Still, the moms we spoke, as well as the moms who participated in the survey, say they do stick to a budget,

The irony that school starts a couple of months before the holidays isn’t lost on me. My girls know that Christmas is one time I splurge and will invest a little more in the jeans they want – even if they do cost me more. But the uniforms? It’s going to be tough to find the right balance.

This guilt-realization could be why 25% of the moms surveyed say they disregard a budget even if they spend time preparing it with good intentions.

So what else are moms dealing with when it comes to back to school expenses? As it turns out, the Women & Co survey revealed the biggest drain on credit cards when it comes to these specific expenses are the fundraisers.

I hate it when fundraisers come around because ultimately, I’m going to end up with $300 of candles, gift wrap or chocolate and I’m going to pay interest for at least a couple of months on my credit card as I get it paid off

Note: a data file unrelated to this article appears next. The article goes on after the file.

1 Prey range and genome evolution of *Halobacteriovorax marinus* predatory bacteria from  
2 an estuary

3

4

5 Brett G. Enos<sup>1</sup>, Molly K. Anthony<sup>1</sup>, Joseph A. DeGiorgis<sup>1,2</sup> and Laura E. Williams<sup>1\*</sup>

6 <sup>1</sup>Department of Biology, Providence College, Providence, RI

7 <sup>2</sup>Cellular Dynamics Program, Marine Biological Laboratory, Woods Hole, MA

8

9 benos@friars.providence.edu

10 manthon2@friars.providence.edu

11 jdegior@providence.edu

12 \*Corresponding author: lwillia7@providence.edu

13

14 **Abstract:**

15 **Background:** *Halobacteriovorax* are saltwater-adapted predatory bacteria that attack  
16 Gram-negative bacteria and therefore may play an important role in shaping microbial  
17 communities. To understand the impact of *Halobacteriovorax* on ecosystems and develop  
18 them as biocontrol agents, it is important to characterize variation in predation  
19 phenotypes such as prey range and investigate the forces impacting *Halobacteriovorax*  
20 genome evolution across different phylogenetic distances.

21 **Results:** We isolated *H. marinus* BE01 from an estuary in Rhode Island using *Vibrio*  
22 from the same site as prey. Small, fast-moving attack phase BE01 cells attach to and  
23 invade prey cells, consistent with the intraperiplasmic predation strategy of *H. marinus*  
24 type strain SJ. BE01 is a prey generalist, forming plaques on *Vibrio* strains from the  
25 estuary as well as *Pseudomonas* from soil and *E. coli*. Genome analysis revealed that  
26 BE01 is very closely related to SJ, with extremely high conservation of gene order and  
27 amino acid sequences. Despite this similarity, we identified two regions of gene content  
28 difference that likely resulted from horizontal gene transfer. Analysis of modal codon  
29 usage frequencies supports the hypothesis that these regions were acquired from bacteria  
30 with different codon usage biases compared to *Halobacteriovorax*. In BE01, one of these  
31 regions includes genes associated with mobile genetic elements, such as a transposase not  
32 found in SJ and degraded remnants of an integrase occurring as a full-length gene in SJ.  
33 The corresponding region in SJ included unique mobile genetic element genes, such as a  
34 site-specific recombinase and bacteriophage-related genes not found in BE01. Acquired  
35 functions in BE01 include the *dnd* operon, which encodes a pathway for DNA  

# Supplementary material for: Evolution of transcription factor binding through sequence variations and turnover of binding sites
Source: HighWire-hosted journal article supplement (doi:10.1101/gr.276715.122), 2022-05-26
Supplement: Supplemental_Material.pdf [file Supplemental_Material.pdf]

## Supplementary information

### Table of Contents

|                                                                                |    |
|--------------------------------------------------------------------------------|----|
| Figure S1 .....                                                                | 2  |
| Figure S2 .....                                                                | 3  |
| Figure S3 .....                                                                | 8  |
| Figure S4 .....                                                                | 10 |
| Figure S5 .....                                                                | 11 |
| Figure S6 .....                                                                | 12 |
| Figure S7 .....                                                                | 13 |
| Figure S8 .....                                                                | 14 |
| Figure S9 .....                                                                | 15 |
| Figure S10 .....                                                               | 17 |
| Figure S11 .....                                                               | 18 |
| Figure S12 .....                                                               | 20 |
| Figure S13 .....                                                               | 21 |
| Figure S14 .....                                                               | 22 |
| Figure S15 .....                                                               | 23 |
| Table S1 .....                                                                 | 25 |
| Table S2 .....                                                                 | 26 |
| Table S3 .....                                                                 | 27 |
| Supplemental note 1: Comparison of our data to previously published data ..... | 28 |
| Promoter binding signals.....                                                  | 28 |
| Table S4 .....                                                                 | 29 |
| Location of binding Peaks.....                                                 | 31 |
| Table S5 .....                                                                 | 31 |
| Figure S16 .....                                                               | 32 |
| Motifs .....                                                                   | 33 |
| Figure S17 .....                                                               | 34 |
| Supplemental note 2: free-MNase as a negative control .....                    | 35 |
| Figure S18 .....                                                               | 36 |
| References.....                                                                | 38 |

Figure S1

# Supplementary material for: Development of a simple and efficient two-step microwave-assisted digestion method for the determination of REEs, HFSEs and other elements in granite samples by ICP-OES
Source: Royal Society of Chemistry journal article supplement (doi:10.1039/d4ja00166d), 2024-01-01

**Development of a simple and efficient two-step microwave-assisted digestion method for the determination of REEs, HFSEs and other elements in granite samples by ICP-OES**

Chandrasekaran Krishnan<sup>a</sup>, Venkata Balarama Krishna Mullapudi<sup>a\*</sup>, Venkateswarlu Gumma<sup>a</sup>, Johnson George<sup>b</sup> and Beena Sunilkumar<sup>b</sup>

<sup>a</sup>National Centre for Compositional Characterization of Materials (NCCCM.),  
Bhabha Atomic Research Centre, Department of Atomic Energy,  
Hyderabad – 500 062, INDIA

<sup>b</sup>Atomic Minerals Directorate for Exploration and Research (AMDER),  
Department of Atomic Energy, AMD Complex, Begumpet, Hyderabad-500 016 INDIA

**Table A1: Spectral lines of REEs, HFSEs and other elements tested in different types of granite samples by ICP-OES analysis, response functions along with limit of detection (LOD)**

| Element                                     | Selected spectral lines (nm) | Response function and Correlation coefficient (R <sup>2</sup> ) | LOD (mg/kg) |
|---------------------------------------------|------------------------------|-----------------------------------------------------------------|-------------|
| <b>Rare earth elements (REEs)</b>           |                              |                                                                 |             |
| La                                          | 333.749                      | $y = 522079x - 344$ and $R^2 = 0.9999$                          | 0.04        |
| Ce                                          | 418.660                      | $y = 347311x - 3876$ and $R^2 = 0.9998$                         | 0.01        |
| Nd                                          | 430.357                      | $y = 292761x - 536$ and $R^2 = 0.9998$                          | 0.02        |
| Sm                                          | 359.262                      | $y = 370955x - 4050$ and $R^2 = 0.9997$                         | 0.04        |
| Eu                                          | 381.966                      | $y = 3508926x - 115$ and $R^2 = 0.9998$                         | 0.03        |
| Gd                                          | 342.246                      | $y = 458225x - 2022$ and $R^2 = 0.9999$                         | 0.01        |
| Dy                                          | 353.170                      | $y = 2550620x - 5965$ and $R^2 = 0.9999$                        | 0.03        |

said one mom is St. Paul. The survey shows 17% of moms say they’re tapped out in terms of covering those costly efforts and requirements that students meet a certain sales quota.

And what about student loans for college? That’s another growing concern for moms around the nation. Almost 70% say they are uncomfortable with what they’ve managed to put back for their kids’ college educations. Half of the remaining 30% say they are “very uncomfortable”. They don’t want their kids to shoulder the financial burden, but they’re not sure they’re going to be able to take on the debt either. “I’m hoping scholarships will offset some of these expenses” said another mom we spoke to in Tacoma. This mom’s sister, on the other hand, is a mother of three sons and says her husband is always the one with the most self discipline and as a result, they have the money put back to send all three to college without having to take out any loans at all.